Our limited data, however, indicate that the dead bulk roots were more enriched in Δ14C values than live bulk roots, although the cellulose of dead roots did not differ much from the live cellulose. Trumbore et al. (2006) reported different results: dead root cellulose was slightly more depleted in Δ14C values than live root cellulose, which was assumed to be due to the fact that most of the flux of C through roots is probably via shorter-lived components such as root tips. Although root death is probably not a random process, we still know very little about what causes roots to die (Pregitzer 2002).

In our current study, the difference in Δ14C values between the two diameter classes was smaller for the root cellulose (2–3 years) than for the bulk live fine roots (up to 10 years). Our findings of root 14C age pattern are consistent with the results of several other studies (Matamala et al. 2003; Joslin et al. 2006; Gaul et al. 2009). For example, Gaul et al. (2009) reported that roots >0.5 mm in diameter tended to live longer than those <0.5 mm in diameter. In the organic layer, the Δ14C values of fine roots <0.5 mm in diameter were on average 9‰ lower than those of roots between 0.5 and 1 mm in diameter, reflecting a difference in mean age of ~2 years. Wells and Eissenstat (2001) reported that root survivorship may vary markedly between fine roots differing in diameter by only a few tenths of a millimeter. Furthermore, Riley et al. (2009), through their 14C labeled temperate forest study, predicted live root turnover times <1 year for the short-lived root pools (<0.5 mm in diameter) and 10 years for the long-lived root pools (0.5–2 mm in diameter). It is also rational that high-order roots (i.e. larger diameter) live longer than low-order roots (smaller diameter) because the death of a high-order root entails the loss of all the adjacent lower-order roots (Guo et al. 2008).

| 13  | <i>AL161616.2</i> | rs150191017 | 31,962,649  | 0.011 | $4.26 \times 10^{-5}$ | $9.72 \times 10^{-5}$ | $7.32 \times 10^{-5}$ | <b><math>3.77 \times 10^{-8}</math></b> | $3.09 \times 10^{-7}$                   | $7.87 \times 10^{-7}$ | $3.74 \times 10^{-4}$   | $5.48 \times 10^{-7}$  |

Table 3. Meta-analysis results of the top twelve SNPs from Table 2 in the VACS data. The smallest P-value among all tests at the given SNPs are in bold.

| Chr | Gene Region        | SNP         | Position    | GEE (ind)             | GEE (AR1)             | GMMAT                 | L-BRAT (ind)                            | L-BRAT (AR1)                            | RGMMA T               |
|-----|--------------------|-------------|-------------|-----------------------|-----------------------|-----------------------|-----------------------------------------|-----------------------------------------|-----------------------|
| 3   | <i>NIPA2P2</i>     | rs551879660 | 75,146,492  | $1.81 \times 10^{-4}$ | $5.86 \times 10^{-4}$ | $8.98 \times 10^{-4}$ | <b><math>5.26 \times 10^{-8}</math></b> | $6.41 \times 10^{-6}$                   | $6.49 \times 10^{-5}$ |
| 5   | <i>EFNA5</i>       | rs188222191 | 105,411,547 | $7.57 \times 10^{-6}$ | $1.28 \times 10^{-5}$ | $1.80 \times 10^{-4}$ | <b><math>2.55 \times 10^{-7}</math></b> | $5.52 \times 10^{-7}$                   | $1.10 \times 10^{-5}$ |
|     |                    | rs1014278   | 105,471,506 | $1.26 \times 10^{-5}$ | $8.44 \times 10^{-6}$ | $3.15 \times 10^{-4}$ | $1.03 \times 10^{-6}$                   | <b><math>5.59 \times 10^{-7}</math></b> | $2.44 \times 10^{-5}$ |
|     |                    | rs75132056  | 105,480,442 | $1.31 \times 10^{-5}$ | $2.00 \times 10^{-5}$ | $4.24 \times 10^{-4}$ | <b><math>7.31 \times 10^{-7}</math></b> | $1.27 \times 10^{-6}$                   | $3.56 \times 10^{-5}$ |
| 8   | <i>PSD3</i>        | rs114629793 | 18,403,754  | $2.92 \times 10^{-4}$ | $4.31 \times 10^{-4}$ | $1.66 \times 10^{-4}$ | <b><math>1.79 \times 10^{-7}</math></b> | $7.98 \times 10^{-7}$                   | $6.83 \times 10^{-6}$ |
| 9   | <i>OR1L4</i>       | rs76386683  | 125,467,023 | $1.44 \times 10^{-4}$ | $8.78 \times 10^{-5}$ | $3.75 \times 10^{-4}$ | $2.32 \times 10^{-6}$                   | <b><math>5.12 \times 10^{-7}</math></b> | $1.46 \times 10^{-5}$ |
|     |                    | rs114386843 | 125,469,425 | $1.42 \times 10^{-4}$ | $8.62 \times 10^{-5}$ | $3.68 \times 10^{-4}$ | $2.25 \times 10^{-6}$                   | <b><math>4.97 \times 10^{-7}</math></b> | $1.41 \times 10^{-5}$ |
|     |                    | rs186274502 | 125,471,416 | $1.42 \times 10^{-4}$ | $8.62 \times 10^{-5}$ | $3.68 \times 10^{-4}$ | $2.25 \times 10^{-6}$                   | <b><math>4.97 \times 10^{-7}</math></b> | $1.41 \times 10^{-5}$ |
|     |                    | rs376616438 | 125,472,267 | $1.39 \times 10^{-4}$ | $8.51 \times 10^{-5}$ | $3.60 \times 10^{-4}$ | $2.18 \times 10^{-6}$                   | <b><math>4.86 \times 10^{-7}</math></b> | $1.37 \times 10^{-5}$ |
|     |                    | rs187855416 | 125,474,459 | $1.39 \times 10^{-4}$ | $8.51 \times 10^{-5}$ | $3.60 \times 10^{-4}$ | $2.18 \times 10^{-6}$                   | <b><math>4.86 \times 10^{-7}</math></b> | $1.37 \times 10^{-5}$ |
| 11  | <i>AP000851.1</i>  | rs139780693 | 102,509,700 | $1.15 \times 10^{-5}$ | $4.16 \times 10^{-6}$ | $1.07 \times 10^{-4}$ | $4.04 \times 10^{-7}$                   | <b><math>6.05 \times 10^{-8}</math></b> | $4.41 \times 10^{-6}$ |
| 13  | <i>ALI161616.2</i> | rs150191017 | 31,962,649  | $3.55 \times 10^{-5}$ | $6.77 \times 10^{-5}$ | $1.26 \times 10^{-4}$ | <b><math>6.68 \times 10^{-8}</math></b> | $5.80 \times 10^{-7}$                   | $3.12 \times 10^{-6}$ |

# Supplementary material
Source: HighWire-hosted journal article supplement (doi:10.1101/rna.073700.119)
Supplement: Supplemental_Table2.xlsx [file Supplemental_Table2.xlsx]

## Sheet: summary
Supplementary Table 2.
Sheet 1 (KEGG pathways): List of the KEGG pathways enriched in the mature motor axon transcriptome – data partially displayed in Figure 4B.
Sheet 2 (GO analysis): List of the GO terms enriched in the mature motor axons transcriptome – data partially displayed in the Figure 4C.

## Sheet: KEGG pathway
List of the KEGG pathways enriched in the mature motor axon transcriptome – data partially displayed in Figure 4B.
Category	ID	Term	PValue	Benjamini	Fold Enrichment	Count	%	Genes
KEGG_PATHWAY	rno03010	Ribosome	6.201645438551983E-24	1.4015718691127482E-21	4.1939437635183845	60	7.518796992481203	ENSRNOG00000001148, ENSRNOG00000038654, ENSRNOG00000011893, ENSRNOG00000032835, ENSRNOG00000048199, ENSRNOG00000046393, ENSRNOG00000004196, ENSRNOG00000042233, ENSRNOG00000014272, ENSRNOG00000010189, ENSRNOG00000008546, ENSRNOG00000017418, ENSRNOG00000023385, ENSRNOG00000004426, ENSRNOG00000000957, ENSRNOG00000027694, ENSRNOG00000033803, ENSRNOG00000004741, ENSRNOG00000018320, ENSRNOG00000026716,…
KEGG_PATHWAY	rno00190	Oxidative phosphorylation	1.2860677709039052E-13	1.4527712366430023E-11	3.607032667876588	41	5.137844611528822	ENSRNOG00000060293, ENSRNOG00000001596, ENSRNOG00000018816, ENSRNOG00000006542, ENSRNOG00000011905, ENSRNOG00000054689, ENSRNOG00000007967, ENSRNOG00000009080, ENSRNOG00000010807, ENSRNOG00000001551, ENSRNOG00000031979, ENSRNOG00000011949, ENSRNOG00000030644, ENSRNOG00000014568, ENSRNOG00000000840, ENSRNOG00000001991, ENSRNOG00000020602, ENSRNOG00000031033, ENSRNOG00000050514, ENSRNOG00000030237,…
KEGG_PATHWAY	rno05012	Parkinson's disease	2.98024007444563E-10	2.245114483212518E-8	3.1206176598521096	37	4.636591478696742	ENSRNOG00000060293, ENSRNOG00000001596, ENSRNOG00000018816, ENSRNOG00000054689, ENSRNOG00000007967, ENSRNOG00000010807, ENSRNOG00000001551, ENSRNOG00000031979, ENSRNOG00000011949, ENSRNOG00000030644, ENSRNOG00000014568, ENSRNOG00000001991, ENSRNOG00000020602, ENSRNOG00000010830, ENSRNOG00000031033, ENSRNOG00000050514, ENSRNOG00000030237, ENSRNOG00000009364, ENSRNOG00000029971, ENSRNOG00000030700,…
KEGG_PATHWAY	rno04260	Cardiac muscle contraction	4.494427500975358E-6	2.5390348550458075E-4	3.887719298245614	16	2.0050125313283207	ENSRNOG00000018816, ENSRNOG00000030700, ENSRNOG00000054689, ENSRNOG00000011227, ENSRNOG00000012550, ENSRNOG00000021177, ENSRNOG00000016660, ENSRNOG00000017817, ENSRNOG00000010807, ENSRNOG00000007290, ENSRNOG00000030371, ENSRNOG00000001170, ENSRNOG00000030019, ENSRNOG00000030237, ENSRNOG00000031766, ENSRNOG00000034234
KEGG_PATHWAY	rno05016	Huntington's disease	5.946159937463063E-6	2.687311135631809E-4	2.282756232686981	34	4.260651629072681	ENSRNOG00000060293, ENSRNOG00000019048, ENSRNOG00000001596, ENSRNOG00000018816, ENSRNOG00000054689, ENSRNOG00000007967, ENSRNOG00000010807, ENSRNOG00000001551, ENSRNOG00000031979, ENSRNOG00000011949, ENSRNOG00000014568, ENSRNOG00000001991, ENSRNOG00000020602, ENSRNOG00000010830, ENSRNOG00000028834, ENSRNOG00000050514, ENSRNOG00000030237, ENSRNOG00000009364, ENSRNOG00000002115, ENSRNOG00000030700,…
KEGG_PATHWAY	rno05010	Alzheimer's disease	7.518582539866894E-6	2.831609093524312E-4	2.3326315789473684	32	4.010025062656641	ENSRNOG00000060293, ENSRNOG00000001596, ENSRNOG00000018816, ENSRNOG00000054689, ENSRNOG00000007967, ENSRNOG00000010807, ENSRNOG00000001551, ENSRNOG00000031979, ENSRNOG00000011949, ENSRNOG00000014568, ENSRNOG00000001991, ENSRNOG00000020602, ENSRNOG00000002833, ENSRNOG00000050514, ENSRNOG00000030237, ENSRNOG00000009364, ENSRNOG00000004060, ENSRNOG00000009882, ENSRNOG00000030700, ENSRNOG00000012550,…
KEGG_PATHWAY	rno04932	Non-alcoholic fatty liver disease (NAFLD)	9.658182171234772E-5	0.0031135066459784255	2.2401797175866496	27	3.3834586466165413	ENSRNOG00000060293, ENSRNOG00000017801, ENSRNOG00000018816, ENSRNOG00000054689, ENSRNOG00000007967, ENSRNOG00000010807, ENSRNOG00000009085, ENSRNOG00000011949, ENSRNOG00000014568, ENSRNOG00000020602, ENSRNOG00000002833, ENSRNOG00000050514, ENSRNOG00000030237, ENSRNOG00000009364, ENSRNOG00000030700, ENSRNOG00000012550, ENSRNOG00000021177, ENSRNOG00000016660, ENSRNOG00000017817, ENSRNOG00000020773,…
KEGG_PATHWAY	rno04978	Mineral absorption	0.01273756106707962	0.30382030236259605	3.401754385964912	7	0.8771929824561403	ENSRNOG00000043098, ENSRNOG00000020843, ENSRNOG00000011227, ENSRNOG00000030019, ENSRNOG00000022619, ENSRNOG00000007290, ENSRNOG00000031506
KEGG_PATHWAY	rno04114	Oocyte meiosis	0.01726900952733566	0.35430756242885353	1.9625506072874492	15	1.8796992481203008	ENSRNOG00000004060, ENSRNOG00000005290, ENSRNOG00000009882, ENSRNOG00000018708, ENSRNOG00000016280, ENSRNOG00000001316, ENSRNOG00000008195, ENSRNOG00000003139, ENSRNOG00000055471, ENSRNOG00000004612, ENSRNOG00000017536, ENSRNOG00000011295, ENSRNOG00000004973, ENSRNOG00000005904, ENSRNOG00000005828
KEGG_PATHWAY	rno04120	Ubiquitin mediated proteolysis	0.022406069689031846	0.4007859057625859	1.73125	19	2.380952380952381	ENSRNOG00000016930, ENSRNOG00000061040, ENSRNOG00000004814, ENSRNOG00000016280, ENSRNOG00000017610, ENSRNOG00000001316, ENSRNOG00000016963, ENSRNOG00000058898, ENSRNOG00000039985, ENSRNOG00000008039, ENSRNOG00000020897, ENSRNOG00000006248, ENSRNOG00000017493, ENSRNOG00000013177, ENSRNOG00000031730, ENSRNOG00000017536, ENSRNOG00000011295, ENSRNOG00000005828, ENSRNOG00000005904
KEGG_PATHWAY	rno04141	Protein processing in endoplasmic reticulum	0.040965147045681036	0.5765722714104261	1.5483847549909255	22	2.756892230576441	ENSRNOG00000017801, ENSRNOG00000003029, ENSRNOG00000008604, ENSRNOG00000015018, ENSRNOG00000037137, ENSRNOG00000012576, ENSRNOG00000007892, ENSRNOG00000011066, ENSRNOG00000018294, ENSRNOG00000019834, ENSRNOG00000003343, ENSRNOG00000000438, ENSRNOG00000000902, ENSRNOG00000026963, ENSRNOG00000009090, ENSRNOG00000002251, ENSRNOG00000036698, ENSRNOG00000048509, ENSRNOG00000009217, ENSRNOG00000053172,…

The causes of enhanced fine root longevity with increasing root diameter are not fully clear. The smallest diameter roots with their mycorrhizal root tips typically contain the highest concentrations of N (Pregitzer et al. 1997, 2002; Helmisaari et al.2007, 2009). As a consequence, these tissues are more efficient in nutrient uptake but also more susceptible to herbivores and root parasitism than thicker fine roots (Graham 1995). In addition, smaller diameter roots were shown to be more vulnerable to abiotic stress factors such as soil drought (Espeleta et al. 1999). Our roots <0.5 mm in diameter included ectomycorrhizal short roots, that were not encountered on roots >1 mm in diameter (Helmisaari et al. 2009). The formation and elongation of smaller diameter ectomycorrhizal roots represents a strong carbon sink. In the course of time, some of the fine roots become older and grow additionally in diameter. It is possible that the formation of ectomycorrhizal fine roots uses proportionally more carbon directly from current photosynthesis than the diameter growth of larger (and older) roots. Therefore, as the root grouping clearly affects the 14C results, in fine root longevity/turnover studies more emphasis should be placed on root sorting and more careful grouping, as many authors (e.g. Tierney and Fahey 2002) have pointed out.